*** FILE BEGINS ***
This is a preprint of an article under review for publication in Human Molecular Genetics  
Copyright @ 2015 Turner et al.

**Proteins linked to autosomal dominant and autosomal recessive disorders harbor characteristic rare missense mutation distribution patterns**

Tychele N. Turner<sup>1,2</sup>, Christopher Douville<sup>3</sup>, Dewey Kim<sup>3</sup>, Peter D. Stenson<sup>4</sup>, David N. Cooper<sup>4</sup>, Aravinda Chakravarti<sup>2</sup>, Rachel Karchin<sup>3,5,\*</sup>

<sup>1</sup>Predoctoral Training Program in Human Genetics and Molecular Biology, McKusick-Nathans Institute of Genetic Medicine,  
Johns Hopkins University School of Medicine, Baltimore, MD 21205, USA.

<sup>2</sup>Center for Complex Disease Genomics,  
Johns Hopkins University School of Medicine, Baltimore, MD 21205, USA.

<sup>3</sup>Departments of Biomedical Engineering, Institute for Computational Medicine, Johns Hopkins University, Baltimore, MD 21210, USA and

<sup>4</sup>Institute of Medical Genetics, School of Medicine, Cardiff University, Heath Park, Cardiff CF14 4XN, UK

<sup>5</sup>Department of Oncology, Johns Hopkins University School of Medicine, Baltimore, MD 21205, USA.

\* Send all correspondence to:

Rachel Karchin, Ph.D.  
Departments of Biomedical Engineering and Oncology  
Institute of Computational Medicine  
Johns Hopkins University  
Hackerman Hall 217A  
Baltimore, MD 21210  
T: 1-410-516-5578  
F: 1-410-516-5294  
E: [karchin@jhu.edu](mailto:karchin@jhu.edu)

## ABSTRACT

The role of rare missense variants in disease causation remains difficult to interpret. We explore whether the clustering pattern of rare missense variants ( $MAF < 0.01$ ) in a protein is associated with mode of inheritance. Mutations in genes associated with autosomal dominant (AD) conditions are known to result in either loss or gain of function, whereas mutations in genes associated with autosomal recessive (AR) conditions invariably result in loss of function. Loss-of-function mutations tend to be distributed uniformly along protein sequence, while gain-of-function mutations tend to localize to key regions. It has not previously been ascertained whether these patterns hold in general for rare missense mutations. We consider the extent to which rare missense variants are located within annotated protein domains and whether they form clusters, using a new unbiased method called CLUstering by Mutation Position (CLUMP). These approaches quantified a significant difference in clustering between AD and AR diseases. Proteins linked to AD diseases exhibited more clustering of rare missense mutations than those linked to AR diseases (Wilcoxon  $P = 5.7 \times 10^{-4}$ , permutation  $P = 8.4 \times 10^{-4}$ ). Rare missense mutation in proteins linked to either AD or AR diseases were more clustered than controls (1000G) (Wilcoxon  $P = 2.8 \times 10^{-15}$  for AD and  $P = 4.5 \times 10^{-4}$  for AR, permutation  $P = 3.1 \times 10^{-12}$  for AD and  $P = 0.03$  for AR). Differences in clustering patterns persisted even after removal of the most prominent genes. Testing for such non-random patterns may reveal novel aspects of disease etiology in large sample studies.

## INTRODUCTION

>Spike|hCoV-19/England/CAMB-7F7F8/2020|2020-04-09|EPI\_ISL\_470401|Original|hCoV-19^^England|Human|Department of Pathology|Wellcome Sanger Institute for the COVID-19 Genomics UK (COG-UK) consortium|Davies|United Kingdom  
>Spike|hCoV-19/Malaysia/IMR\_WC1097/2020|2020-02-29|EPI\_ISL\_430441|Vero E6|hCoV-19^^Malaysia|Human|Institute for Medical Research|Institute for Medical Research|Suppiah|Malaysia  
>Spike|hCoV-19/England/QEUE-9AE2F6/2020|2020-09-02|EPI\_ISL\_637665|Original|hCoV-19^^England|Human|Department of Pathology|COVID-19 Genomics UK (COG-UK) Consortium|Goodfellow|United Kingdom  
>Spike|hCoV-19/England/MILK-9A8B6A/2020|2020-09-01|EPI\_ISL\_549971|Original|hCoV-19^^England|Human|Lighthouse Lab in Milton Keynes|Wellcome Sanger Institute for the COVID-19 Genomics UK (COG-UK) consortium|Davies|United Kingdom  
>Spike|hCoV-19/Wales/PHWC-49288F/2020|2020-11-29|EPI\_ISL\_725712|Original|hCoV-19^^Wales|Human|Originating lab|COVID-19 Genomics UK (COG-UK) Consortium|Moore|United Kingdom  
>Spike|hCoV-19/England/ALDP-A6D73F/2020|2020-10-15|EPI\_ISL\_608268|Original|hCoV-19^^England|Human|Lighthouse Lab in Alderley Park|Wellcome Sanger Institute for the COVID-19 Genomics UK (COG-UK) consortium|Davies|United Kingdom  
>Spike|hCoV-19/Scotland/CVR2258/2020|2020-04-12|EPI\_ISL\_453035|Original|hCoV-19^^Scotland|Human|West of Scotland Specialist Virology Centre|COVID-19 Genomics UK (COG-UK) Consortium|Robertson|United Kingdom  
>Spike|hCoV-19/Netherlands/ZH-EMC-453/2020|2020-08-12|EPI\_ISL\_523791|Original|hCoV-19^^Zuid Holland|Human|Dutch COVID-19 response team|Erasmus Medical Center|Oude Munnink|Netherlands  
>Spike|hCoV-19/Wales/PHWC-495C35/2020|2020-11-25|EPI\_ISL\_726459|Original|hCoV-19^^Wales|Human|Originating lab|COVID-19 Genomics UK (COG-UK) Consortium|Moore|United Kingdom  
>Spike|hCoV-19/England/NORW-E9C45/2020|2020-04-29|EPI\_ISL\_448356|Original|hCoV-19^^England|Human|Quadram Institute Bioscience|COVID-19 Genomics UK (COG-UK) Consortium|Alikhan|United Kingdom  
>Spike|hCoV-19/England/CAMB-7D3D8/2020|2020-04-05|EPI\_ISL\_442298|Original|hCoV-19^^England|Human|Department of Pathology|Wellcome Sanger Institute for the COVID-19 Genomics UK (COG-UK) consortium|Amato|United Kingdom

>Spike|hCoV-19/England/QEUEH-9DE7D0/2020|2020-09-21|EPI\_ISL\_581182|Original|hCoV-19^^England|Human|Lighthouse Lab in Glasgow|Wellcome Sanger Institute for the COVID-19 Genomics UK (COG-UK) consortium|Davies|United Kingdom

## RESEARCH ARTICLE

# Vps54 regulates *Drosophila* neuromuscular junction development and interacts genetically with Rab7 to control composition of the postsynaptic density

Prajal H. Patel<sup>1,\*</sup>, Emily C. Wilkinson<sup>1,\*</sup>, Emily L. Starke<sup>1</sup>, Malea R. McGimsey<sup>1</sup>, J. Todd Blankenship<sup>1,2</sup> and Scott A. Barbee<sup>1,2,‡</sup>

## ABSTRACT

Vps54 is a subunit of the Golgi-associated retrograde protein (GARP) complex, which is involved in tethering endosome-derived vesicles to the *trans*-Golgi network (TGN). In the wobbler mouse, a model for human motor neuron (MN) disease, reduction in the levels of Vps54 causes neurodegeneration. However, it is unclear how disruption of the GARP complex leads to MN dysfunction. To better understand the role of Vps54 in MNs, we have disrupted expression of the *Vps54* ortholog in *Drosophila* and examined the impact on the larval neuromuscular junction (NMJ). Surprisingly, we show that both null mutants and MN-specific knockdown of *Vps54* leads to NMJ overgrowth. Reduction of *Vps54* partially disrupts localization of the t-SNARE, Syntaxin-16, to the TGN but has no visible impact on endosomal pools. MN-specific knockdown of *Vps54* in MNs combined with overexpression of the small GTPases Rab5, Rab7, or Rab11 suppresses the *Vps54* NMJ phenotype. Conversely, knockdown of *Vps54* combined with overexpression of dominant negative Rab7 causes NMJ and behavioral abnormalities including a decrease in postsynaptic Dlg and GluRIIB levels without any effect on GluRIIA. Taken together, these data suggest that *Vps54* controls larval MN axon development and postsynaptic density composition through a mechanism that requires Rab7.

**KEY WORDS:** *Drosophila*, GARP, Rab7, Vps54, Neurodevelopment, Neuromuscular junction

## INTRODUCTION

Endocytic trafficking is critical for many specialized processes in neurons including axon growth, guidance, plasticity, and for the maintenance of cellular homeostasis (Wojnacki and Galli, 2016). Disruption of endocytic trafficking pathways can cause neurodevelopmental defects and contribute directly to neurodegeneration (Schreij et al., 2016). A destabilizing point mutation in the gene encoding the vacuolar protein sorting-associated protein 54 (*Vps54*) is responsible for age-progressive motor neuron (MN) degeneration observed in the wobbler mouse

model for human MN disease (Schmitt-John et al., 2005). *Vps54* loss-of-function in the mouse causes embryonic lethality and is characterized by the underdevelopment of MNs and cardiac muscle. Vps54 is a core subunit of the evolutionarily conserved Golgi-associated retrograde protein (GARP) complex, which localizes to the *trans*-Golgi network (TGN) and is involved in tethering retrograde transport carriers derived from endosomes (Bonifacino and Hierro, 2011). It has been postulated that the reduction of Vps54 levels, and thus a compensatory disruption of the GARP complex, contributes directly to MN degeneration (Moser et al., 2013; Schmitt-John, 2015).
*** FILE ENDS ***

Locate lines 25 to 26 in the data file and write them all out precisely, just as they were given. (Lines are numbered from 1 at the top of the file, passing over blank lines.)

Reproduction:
>Spike|hCoV-19/England/CAMB-7F7F8/2020|2020-04-09|EPI\_ISL\_470401|Original|hCoV-19^^England|Human|Department of Pathology|Wellcome Sanger Institute for the COVID-19 Genomics UK (COG-UK) consortium|Davies|United Kingdom  
>Spike|hCoV-19/Malaysia/IMR\_WC1097/2020|2020-02-29|EPI\_ISL\_430441|Vero E6|hCoV-19^^Malaysia|Human|Institute for Medical Research|Institute for Medical Research|Suppiah|Malaysia  